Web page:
Avia Collinder, Business Writer
The University of the West Indies has rebranded and restructured its three departments of Science in Jamaica, Barbados and Trinidad as it positions to commercialise its R&D creations.
The university hopes to leverage its innovations into money-making ventures that will, in turn, provide a new pool of resources for continuous research and development of saleable applications.
The fields under exploration in Jamaica are optics, which deals with the study of light; and photonics, the study of individual particles which make up light - with lead research and lecturer in the Department of Physics at UWI Mona, Dr Kert Edward, in charge of the initiative.
Edwards told Sunday Business that the faculty of Pure and Applied Sciences have been rebranded at the Mona, Cave Hill and St Augustine campuses as the Faculty of Science and Technology with the aim of reflecting a "renewed commitment to driving the technical innovations which will sustain the region's growth in this new global and technology-driven economy".
UWI Mona was among 25 organisations worldwide to recently receive a grant from the Society of Photographic Instrumentation Engineers (SPIE) to establish an optics curriculum and to introduce the field to high school, pre-university and undergraduate students.
SPIE is touted as the largest optical society worldwide.
Edwards says he foresees, along with optics, "the development of technological innovations at the research institutions and universities in the region. This would ideally lead to spin-off companies and centres working closely with academia to develop and exploit the novel technologies for economic gain," he said.
Still, Edwards' programme is just starting, having got under way towards the end of 2012. He has nothing exciting to show, but said a couple of possibilities are in the pipeline.
In the United States alone, lasers have accounted, he said, for US$1 trillion in output from the transportation industry, US$2.5 trillion from the biomedical section and US$4 trillion from telecommunications, ecommerce, and information technology.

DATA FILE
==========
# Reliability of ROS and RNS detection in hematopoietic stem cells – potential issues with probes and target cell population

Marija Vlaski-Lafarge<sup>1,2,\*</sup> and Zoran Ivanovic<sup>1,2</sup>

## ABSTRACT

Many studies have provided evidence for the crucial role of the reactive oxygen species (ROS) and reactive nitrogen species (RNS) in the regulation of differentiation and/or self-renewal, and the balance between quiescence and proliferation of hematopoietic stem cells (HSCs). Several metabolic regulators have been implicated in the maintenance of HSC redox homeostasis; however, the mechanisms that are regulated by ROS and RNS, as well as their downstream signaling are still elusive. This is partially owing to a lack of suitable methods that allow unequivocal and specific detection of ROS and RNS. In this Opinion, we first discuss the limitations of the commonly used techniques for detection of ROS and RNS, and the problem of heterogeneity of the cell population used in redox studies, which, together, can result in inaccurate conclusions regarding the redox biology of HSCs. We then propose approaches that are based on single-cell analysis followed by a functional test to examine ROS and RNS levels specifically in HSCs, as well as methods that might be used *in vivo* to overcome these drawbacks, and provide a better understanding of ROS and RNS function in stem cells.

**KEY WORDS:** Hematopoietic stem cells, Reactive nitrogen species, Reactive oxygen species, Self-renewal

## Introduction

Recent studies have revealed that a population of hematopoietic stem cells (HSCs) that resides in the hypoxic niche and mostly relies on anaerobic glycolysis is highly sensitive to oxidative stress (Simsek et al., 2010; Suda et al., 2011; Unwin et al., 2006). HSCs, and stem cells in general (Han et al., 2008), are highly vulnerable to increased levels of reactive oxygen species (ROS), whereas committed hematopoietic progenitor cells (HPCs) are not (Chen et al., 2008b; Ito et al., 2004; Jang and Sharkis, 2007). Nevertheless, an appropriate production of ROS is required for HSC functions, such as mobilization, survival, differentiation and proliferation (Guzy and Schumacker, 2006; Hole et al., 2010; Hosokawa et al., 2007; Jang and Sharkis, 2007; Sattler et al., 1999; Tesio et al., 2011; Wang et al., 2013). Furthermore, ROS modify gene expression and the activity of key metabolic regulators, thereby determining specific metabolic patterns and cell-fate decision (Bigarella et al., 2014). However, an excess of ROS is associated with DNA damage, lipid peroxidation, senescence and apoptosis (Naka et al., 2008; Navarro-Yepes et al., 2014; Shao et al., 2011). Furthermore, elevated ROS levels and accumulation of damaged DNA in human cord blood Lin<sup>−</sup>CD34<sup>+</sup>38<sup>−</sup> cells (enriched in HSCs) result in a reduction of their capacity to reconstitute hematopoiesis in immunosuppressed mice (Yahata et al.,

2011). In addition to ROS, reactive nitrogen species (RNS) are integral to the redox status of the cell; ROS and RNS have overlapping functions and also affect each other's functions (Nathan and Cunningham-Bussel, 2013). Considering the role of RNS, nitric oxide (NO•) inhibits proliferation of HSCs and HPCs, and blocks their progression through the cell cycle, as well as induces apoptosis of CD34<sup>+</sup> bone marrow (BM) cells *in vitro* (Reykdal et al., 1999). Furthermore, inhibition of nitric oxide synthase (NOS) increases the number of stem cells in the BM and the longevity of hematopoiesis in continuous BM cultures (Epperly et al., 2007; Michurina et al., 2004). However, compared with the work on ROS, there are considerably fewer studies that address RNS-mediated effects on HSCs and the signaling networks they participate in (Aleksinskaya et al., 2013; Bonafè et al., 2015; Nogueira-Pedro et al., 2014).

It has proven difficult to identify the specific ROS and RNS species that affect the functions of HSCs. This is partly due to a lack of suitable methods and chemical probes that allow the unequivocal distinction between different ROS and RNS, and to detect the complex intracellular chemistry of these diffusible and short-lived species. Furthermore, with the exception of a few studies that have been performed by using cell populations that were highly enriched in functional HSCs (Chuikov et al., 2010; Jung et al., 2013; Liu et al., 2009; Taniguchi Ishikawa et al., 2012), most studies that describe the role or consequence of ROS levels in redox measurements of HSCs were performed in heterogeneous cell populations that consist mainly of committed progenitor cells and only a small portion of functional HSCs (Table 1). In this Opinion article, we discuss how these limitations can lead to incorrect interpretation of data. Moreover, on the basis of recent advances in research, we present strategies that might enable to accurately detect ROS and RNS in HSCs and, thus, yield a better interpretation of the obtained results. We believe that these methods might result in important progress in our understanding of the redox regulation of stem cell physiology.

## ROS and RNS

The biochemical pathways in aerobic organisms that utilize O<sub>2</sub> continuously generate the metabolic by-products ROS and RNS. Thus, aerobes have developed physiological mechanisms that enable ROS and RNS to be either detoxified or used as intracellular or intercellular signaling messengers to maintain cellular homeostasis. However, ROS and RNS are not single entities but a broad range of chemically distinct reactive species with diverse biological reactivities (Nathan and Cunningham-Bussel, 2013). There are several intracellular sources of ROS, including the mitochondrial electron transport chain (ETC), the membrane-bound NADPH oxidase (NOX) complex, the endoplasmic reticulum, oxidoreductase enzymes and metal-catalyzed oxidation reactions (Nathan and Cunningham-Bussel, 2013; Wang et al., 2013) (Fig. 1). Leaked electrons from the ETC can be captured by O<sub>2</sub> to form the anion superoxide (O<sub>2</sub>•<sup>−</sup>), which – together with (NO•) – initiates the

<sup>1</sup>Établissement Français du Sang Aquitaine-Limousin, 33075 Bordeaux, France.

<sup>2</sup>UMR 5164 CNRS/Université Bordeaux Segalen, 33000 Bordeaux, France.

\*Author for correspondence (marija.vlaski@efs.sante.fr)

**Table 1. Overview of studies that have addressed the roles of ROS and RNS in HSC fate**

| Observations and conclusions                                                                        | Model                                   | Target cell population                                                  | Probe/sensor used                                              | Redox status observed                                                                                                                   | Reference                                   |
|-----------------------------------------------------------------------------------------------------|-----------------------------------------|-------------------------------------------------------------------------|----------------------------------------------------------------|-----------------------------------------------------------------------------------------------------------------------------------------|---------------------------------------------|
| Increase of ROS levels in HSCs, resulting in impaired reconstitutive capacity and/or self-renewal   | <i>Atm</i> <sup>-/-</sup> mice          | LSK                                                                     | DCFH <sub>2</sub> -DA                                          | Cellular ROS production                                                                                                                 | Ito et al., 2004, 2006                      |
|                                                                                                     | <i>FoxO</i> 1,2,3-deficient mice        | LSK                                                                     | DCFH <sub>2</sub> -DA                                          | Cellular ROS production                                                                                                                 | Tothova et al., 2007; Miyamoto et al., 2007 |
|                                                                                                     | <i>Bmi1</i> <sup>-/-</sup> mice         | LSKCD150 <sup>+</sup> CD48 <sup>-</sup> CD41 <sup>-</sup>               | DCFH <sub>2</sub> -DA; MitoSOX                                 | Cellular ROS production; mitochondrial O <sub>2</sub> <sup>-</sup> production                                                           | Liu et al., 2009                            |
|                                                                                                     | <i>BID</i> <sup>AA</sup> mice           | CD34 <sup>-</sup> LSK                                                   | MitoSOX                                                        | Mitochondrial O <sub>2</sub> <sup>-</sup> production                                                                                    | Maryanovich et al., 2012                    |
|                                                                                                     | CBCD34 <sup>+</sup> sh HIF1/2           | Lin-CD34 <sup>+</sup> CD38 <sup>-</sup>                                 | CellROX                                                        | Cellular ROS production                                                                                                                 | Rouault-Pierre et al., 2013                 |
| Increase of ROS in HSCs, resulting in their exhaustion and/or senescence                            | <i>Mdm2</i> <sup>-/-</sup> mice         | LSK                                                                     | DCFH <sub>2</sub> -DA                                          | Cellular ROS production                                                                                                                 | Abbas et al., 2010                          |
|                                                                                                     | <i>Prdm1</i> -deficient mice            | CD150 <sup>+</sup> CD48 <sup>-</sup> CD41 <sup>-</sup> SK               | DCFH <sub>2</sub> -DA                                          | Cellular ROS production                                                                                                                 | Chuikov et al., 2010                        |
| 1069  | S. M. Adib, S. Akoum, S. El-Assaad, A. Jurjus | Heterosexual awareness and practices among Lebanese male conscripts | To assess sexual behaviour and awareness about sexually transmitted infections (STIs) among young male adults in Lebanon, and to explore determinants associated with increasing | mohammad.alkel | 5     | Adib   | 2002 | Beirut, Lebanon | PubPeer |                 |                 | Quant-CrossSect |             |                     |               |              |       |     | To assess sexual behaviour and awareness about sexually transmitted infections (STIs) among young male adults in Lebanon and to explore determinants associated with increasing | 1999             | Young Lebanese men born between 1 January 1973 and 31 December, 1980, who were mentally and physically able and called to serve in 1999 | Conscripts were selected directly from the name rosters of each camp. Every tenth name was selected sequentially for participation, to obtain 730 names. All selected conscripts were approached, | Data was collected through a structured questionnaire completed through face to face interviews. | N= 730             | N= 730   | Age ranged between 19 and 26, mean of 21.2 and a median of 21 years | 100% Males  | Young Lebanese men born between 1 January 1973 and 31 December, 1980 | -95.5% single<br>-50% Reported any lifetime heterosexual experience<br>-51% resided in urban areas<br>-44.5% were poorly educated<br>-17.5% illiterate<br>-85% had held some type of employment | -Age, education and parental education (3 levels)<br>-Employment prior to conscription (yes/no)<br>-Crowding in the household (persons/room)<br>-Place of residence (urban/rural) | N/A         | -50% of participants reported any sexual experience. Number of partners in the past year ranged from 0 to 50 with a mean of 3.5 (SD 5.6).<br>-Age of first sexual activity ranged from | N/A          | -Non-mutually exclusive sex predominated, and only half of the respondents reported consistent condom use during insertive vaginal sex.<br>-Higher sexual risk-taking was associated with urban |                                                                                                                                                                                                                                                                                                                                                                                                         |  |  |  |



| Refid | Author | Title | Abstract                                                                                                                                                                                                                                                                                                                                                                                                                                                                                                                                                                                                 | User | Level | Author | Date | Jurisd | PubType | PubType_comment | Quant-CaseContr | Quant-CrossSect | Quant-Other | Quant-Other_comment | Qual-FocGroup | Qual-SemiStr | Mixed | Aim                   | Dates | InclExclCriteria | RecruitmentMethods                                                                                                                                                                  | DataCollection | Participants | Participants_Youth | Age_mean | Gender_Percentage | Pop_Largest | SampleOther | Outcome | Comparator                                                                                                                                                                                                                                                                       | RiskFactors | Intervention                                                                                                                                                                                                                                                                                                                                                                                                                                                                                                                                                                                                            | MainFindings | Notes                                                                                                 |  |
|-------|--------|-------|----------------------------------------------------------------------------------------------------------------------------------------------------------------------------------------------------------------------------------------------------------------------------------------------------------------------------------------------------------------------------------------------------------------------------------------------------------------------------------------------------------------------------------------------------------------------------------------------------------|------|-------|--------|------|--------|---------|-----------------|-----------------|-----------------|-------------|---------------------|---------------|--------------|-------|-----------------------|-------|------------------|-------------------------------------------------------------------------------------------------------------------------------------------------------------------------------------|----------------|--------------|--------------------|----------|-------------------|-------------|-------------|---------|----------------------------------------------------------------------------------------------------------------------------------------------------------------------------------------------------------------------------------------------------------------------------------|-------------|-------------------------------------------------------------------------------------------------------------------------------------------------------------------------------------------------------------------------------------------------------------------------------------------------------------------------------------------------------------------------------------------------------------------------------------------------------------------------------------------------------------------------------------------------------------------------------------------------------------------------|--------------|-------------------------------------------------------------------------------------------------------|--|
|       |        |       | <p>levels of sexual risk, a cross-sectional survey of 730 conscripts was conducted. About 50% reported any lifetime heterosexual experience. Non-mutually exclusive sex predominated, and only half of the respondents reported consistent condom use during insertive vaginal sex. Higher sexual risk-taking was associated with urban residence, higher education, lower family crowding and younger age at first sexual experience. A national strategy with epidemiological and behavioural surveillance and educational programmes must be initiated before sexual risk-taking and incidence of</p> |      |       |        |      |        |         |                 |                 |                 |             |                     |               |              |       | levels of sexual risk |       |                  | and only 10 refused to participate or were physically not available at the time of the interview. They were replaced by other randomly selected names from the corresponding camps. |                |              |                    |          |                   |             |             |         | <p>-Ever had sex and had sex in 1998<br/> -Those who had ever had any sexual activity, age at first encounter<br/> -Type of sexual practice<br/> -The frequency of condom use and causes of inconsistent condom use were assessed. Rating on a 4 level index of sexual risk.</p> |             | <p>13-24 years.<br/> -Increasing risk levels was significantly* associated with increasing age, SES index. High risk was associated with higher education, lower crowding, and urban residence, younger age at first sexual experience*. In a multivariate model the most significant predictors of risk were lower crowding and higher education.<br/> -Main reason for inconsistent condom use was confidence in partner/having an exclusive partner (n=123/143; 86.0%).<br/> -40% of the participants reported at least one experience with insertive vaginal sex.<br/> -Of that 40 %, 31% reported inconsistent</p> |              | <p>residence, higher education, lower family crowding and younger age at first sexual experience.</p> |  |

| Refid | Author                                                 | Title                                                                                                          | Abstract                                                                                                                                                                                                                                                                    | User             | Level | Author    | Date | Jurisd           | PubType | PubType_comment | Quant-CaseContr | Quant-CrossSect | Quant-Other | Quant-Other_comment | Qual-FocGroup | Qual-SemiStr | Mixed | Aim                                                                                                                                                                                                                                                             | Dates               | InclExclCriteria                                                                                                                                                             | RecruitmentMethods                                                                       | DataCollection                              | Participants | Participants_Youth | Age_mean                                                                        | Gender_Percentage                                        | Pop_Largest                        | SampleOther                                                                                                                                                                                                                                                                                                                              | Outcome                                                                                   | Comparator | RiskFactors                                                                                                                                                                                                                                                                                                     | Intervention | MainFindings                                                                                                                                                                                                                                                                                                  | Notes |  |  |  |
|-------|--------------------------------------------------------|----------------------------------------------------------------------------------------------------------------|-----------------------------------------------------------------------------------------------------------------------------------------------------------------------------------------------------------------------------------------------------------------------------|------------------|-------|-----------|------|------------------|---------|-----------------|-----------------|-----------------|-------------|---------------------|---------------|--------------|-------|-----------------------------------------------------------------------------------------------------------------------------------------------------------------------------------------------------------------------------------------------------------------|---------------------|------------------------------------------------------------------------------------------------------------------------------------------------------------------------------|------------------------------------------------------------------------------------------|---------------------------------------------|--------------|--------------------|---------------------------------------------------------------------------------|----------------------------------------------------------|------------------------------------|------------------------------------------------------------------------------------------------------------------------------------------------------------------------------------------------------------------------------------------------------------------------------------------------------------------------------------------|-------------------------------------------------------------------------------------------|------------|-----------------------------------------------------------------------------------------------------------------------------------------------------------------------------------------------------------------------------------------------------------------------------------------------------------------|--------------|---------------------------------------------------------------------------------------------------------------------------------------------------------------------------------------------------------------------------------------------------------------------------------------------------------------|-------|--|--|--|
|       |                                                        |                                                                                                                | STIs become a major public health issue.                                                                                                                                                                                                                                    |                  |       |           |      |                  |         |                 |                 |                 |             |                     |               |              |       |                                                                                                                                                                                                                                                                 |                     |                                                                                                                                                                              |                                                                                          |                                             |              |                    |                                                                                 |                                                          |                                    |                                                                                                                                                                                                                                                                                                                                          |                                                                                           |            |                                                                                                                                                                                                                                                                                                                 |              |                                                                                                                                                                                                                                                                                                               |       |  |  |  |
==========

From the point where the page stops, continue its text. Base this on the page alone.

"The opportunities for employment and economic sustainability are therefore quite significant. A highly technically literate workforce could potentially make it more profitable to move technology jobs to Jamaica and the region instead of India and China," said the scientist.
"It is also worth noting that innovations developed in one area can and often drives growth in disparate sectors."
Fibre optics technology
Optics is a branch of physics which deals with light and its properties while photonics primarily involves the investigation and application of phenomena related to the particle nature of light. Much of telecommunications systems are based on fibre optics technology.
In industrial applications, Edwards said that optical fibres are lighter and more durable than copper wire and allow for greater information transmission per fibre, in addition to the potential for impenetrable security in the form of quantum cryptography.
In medicine, high-power laser systems are currently being used as "laser scalpels" in delicate surgery or for destroying tumours.
CDs, DVDs or Blu ray players transmit sound and video information via embedded discs read by reflected beams from a diode laser.
"The ubiquitous cell phone, digital camera, flat-screen TV and tablet PC all rely quite heavily on optical engineering technology. In the case of cell phones, apart from being supported by a fibre-optic network, the digital camera component which is essentially standard on contemporary devices consist of miniature optical components such as lenses, an optical image sensor and led flashlight," Edwards says.